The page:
Painting Pentecost

Jan Joest
Jan Joest
Titan Pentecost
Titian
Giotto Pentecost
Giotto
Book of Hours Pentecost
from a Book of Hours
El Greco Pentecost
El Greco

When the work which the Father gave the Son to do on earth was accomplished, the Holy Spirit came on the day of Pentecost, in order that He might continually sanctify the Church…He is the Spirit of Life, a fountain of water springing up to life eternal.

…The Spirit dwells in the Church and in the hearts of the faithful, as in a temple. In them He prays on their behalf and bears witness to the fact that they are adopted children.

The Spirit guides the Church in the way of all truth.  He unifies Her in communion and in works of ministry…By the power of the Gospel He makes the Church keep the freshness of youth.  He renews Her and leads Her to perfect union with Her Spouse.  The Spirit and the Bride both say to Jesus, the Lord, ‘Come!’

The Fathers of the Second Vatican Council extolled the Holy Spirit with these words.

Inspiring words.  But what about paintings?  Let me confide in you that I have never found a painting of Pentecost that I like.  Eminent sacred artists have produced impressive renditions of Pentecost.  And, of course, our own Stephen Brailo, of St. Andrew’s in Roanoke, has done for us a beautiful new baptismal mosaic, in honor of our former pastor.  Msgr. Miller will visit next week at the 11:30 Mass for the dedication.

brailo mosaic
new mosaic at St. Andrew’s in honor of Fr. Tom Miller, by Stephen Brailo

No offense to any of these artists.  Of all the events depicted in Christian art, Pentecost poses the greatest challenge.  For an obvious reason:  The subject of the work of art is

Invisible.

“It is better for you that I go,” said the Lord Jesus.  “Rivers of living water will flow from within the one who believes in Me.”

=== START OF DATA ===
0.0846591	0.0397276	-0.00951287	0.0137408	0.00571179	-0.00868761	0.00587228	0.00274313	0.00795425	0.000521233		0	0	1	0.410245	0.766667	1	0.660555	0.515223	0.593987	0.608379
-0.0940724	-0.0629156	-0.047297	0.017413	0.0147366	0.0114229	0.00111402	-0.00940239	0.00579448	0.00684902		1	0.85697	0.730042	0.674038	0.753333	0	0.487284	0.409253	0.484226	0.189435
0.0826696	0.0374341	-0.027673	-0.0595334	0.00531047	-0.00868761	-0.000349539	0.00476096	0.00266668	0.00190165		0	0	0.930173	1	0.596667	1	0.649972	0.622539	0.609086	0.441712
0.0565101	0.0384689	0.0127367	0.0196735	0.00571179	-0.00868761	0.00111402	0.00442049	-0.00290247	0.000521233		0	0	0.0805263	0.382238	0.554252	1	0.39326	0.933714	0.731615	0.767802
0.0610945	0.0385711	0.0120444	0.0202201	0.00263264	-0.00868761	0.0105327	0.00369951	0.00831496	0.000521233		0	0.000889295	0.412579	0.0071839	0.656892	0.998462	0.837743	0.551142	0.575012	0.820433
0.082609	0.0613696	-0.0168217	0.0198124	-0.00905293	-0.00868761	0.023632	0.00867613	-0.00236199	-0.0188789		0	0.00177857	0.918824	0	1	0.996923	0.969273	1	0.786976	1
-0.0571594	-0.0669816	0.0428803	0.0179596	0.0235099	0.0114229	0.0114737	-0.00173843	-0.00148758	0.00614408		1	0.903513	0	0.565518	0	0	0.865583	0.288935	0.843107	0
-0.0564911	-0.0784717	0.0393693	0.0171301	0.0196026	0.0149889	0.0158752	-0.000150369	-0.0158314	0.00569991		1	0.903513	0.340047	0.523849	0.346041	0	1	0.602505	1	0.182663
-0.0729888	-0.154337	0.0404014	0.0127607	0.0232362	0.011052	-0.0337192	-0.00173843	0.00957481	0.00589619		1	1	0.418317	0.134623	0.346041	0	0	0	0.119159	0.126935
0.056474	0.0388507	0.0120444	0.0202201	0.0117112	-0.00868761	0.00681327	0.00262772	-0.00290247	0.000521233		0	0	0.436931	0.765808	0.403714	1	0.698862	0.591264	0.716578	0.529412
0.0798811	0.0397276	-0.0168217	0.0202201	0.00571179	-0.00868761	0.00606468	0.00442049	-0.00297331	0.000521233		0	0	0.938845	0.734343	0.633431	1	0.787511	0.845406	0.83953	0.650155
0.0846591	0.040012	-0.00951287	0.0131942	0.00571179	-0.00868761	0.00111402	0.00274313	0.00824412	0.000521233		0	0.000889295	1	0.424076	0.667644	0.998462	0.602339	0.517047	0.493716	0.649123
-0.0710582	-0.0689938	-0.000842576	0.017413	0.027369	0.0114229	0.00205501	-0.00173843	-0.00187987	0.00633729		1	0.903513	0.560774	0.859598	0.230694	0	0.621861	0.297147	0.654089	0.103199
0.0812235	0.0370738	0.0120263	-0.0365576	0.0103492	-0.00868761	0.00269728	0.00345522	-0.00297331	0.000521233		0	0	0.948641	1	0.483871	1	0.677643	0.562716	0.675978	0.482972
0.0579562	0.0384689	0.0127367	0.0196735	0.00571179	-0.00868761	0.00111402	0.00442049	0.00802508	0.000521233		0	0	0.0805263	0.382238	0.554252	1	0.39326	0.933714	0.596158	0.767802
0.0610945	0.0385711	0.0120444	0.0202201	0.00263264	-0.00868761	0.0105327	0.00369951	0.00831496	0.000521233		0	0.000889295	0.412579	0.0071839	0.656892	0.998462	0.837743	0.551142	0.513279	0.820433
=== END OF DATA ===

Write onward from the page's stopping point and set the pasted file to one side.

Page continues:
The one who believes.  Faith.  In the invisible.

Christ made the invisible God visible, by becoming a man.  But then He ascended to heaven, out of our sight.  From the true Temple above, He pours grace out of His own human Heart, upon the whole earth. It is better for us that He went.

That’s the thing about paintings of Pentecost:  Jesus isn’t in them.  He had completed His earthly pilgrimage by then.

The great artists have painted Christ, in the various events of His pilgrim life, so as to depict visibly the invisible life within Him.  But painting the third divine Person, Who comes as a gentle wind, a breath, tongues of flame, a dove, an anointing, an interior inspiration…  Well, I’m no artist.  But I do know that painting something invisible is downright difficult.  I think our Stephen Brailo deserves a lot of credit!

The Holy Spirit does make Himself perfectly visible in one way, though.  By filling the hearts of the people He makes saints.

The Invisible shows Himself whenever a Christian bears witness to the hope that is in us.  The unimaginable Spirit comes into view when someone has the courage to reach out in love.  The gentle Spirit speaks when a parent or teacher or friend gives good advice, or soothes the pain, or encourages.

In other words, the invisible Holy Spirit is as visible as the living, breathing Church.  The Church, consecrated in truth, burning with divine love, marching with certain hope towards the glory that awaits us.

How about this, dear artists?  The third Person of the divine Trinity left Himself so difficult to paint, because He Himself is a painter.  The Master Painter.

He painted the adorable natural world, using a brush that could make a universe out of nothing.  He painted the unique beauty of the High Priest of all creation, Jesus Christ.  And now He paints us—whenever we allow His holiness to overcome our sinfulness, and we do something good for God.

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